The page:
Inside Knowledge Magazine /Knowledge Management Magazine Archive
Volume 10 Issue 5
Knowledge: When not to share?
Knowledge sharing is widely regarded as ‘a good thing’. In an exchange of knowledge, both parties benefit. That, at least, is the theory. But there are many times when it is important to protect certain knowledge – from competitors, especially. But what about potential competitors?
Outsourcing the manufacturing of products to specialist companies in lower-cost countries has always been a feature of modern market-oriented economies – manufacturing moves to where the lowest-cost pool of labour is located.
But are companies endangering themselves in the process? Some argue that they are and say that venerable companies risk losing their valuable tacit and explicit knowledge that is – often unknown to management – the very essence of their existence.
They can cite plenty of proof to support their arguments, but it is a two-way street and the movement isn’t just from the
But would knowledge of how to make a car as reliably as
For all the talk of ‘virtual meetings’ and ‘online collaboration’, there really is nothing better than a well-focused, face-to-face meeting. You can read an example on page five. Originally, Richard Cross had planned to write about the increasing cross-fertilisation between knowledge management (KM) and Six Sigma methodology.
But after a long discussion (encompassing KM in such places as
Finally, a new year is always a good time for re-assessment – to ask, what are we doing right and what could we do better? That’s as much true for publishing as it is for anything else. I therefore extend an open invitation to all readers to send me their opinions on Inside Knowledge, what we could be doing better and what you would like to see more of in 2007.
Case study: Department of Treasury and Finance, Victoria
Capturing tacit knowledge as part of a broader KM strategy can be challenging, but videoing key sessions can help. By Linda Page.
Masterclass: KM implementation
Persuading staff to open up to knowledge management requires a change in attitude and corporate culture. But that can be a long and arduous task. Nick Milton and Tom Young explain how it should be approached.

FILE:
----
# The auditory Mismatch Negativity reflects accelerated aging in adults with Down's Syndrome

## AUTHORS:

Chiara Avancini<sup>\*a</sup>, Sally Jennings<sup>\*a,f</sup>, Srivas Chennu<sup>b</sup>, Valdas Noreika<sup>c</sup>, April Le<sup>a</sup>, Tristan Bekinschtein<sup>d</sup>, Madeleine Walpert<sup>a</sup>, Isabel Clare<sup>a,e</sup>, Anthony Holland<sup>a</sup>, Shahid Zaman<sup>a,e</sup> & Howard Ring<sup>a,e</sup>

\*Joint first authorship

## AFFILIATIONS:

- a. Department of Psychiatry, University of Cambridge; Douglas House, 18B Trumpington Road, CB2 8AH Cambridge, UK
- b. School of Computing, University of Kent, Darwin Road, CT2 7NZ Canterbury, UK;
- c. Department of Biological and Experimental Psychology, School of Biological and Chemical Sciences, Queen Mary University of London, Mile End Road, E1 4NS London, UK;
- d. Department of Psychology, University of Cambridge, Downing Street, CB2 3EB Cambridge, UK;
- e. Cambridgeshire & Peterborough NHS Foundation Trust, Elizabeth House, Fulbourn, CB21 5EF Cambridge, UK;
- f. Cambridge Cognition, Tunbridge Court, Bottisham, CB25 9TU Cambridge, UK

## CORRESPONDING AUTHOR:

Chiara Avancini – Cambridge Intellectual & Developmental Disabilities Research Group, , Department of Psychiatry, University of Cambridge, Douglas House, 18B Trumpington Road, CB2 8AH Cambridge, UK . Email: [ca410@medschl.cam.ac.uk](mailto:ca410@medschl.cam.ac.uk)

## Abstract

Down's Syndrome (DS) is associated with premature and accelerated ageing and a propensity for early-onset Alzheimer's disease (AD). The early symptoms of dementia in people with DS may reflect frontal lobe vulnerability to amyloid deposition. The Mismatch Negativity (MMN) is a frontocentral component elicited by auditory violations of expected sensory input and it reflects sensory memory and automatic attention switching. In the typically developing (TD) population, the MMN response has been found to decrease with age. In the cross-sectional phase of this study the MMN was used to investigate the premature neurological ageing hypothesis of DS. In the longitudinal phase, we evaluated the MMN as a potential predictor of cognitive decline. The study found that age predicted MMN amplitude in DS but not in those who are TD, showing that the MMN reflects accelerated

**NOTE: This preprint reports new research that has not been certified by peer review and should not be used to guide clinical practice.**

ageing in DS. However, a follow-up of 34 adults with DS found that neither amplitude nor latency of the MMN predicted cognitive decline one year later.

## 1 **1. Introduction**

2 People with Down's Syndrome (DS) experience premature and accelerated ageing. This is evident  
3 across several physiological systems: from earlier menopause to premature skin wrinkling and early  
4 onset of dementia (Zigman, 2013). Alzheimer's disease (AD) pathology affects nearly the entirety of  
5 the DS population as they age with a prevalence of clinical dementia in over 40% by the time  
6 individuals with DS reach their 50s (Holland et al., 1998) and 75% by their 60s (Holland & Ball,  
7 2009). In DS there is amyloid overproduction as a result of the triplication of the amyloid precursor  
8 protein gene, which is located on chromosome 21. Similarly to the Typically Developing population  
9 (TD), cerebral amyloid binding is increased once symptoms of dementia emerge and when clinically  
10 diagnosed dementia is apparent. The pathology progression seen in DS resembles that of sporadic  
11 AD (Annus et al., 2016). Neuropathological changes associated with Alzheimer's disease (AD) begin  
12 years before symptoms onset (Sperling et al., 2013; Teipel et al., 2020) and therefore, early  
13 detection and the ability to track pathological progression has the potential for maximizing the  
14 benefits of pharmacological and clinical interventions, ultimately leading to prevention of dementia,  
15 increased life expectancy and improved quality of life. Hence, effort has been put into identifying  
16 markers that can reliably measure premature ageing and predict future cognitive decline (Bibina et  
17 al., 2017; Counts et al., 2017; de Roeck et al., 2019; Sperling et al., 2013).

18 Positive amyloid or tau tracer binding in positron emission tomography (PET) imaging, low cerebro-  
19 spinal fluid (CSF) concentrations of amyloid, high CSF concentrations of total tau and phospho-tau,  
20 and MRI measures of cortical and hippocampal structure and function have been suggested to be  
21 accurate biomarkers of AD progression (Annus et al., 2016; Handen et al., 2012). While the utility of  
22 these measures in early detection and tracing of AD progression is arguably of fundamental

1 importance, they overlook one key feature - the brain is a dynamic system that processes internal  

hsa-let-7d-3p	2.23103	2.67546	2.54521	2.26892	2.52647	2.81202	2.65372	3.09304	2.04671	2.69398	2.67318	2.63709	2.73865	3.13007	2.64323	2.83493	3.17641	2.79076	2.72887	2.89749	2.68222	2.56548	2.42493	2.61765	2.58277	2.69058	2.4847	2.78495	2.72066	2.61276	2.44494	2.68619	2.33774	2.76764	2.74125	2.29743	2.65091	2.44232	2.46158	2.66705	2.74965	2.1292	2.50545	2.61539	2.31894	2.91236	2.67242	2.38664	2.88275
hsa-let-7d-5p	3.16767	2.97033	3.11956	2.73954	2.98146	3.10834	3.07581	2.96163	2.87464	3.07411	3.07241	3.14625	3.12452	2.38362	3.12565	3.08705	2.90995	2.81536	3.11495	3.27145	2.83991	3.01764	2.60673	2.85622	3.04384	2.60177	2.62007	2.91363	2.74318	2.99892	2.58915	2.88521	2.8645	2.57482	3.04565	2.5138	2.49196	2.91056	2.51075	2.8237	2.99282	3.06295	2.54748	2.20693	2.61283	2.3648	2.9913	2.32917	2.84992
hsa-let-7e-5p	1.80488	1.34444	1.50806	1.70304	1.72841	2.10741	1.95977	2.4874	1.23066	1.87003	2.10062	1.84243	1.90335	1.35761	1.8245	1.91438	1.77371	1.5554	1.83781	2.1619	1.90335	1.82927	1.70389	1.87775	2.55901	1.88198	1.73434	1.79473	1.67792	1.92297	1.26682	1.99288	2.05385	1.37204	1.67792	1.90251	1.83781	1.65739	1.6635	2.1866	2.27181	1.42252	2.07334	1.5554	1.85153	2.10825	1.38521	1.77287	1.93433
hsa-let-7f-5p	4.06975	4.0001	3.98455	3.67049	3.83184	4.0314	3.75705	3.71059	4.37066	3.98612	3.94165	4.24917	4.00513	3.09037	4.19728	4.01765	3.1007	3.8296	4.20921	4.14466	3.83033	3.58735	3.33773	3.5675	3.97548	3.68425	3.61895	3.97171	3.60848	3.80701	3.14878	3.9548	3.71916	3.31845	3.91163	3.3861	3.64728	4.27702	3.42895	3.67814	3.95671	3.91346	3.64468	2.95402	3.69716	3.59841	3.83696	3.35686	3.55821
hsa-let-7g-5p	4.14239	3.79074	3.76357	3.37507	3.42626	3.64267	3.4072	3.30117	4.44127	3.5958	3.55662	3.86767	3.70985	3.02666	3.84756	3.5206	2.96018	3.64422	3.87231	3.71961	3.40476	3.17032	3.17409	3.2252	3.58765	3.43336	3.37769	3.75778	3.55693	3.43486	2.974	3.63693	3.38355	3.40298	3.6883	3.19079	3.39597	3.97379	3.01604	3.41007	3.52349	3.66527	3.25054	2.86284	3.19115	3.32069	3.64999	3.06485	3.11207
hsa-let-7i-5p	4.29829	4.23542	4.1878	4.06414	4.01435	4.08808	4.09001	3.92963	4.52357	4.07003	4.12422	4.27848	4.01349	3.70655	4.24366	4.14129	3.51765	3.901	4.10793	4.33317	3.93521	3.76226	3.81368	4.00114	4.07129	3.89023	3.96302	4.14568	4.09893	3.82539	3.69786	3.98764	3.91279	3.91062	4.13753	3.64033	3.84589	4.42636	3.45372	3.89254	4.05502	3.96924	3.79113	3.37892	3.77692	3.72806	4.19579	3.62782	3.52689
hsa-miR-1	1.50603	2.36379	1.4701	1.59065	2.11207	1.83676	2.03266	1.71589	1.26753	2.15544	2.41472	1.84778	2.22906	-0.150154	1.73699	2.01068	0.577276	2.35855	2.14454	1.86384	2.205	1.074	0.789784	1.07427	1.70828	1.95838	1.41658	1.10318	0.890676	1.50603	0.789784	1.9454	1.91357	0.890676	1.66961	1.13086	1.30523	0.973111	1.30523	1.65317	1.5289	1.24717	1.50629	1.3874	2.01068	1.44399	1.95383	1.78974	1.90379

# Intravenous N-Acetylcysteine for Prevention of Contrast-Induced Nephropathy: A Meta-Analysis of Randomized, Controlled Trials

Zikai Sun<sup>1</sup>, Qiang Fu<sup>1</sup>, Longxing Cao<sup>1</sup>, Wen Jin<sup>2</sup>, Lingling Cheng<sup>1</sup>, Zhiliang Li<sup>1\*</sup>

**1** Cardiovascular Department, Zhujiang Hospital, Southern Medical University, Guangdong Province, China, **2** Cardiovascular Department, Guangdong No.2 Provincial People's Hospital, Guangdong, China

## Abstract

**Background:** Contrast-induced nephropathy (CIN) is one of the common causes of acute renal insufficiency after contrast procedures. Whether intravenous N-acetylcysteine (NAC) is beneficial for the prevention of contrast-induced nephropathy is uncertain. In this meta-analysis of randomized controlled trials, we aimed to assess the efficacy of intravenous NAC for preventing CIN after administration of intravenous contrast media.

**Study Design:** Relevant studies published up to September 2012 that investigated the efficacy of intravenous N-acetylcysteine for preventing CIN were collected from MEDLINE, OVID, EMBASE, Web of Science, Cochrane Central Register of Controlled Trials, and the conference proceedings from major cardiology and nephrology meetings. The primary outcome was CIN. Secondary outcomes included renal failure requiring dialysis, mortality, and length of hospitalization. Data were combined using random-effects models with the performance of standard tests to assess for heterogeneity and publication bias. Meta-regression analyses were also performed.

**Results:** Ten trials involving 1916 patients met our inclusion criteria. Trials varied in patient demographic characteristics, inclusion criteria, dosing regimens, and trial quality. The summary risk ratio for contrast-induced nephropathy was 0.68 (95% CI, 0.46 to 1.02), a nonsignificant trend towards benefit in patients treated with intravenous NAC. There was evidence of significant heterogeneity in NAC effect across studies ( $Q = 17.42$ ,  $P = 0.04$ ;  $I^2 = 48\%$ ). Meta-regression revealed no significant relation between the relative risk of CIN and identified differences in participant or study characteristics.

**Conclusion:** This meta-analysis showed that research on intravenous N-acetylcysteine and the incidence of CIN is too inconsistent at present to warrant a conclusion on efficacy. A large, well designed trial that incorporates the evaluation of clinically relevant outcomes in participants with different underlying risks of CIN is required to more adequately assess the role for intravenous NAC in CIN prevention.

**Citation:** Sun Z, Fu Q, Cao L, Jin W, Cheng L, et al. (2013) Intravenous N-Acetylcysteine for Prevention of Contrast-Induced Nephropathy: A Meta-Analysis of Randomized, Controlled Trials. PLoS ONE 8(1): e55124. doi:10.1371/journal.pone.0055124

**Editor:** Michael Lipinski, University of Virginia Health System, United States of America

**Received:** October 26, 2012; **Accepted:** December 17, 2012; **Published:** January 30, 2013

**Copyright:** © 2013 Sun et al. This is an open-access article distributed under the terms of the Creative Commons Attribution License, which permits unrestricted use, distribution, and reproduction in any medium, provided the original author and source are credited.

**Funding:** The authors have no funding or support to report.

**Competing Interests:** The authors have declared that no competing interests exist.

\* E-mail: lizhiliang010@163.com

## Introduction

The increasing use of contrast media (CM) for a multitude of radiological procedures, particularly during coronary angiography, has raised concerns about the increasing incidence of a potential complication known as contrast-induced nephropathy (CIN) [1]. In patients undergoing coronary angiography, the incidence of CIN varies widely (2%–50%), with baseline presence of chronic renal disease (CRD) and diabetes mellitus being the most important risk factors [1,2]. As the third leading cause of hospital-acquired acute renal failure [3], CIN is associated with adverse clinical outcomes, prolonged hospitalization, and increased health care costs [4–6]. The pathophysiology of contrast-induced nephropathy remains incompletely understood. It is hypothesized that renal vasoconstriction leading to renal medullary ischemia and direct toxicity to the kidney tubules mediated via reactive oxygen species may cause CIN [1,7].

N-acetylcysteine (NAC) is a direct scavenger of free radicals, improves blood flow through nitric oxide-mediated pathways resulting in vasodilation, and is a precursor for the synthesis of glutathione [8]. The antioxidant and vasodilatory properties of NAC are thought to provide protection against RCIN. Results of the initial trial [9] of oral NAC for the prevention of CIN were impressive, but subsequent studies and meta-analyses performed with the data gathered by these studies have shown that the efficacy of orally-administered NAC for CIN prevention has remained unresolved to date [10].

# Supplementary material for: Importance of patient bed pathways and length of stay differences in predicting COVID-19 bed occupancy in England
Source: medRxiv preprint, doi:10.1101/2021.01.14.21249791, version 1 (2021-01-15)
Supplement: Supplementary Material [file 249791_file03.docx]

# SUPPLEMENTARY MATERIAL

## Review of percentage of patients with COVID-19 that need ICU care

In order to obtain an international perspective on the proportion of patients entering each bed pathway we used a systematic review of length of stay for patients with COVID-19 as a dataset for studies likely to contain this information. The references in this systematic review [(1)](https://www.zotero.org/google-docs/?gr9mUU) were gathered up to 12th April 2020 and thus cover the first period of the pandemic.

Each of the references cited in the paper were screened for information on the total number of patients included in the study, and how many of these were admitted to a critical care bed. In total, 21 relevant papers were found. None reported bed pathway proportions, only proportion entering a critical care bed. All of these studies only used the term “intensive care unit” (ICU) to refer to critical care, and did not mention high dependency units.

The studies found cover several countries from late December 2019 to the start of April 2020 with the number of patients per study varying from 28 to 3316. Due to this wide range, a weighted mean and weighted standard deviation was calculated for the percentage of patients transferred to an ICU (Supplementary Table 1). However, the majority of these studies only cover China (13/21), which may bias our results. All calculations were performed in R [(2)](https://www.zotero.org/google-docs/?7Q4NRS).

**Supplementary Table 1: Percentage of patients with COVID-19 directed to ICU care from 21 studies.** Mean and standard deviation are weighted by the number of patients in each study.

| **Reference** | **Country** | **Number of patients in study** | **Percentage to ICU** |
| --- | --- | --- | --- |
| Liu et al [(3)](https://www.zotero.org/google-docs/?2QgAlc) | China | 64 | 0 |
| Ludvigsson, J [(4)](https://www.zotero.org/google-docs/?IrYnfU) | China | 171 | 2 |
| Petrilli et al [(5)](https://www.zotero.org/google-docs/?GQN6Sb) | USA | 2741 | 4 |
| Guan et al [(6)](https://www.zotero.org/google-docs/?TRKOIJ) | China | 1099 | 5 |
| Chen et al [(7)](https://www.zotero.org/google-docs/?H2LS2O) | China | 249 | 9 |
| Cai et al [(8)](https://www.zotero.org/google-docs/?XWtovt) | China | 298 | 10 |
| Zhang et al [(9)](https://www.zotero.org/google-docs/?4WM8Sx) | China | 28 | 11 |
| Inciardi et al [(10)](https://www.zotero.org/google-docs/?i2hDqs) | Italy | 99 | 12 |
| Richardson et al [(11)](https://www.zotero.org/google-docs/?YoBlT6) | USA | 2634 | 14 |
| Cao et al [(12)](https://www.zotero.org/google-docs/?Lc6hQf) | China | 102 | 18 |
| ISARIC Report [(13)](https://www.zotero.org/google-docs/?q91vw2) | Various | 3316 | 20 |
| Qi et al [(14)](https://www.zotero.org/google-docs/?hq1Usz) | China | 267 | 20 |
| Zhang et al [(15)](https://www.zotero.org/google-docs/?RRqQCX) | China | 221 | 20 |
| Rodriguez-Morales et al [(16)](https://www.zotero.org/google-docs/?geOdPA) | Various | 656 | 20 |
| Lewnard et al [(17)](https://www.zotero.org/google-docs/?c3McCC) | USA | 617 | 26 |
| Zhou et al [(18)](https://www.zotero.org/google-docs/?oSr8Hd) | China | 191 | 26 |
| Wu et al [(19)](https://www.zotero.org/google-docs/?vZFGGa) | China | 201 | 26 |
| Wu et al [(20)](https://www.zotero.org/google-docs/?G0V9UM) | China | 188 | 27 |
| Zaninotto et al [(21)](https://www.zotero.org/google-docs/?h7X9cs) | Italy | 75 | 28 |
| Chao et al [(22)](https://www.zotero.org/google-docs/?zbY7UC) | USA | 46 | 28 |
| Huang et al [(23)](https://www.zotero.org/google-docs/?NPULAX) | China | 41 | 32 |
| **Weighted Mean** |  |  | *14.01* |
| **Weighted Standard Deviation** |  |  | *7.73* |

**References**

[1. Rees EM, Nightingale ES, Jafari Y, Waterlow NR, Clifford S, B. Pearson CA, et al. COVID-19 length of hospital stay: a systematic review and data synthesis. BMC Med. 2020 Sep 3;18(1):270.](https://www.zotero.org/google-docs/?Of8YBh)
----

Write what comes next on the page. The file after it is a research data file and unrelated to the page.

Cover story: Knowledge transfer
When companies outsource, they have to make a crucial decision that could affect profitability: what knowledge should they share and what should they protect?
Case study: Royal Mail Group
When Royal Mail Groups losses reached £1.5m a day, it launched a renewal plan intended to return it to profitability and its HR department was one of many to face major upheaval. It therefore used KM to support the re-organisation to retain knowledge that might otherwise walk out of the door.
Case report: American Power Conversion
When Rick Wallace joined American Power Conversion with a brief to develop its learning and knowledge management, he probably hadnt banked on the company merging with a rival just six months later and a KM pioneer as well.
Knowledgeworks: Grab the wheel
Mergers and acquisitions are much like bumper car rides chaotic and over all too quickly. By Jerry Ash
Thought leader: What Gordon Ramsay taught me about KM
Some people can write almost as naturally as they breathe regardless of their profession and some people cannot. Likewise, some people simply do knowledge management (KM) as if it were an integral part of the way they work. Its simply the way they are. Celebrity chef Gordon Ramsay is one such person.
The knowledge: Ken Thompson
Taking time out from his career as a software engineer, Ken Thompson is bringing the lessons learnt from natures biological teams into the workplace. Sandra Higgison finds out what were doing wrong and what makes ants, bees and geese interact so successfully.
The Gurteen perspective: Avoiding jargon
At a conference recently, I noticed a participant had written on her feedback form that one of the speakers sessions was nerdy, but then as an afterthought she had written in brackets that the speaker wasnt. I found this rather amusing, as the speaker had done his best to tone down the techie aspects of his talk for the audience.
Book review: Killer Web Content
Putting up a website even one intended to conduct e-commerce is easy, these days. However, putting up a website of any complexity does take a lot of thought and planning beforehand if its purpose is to be met. Does Killer Web Content help organisations overcome such challenges?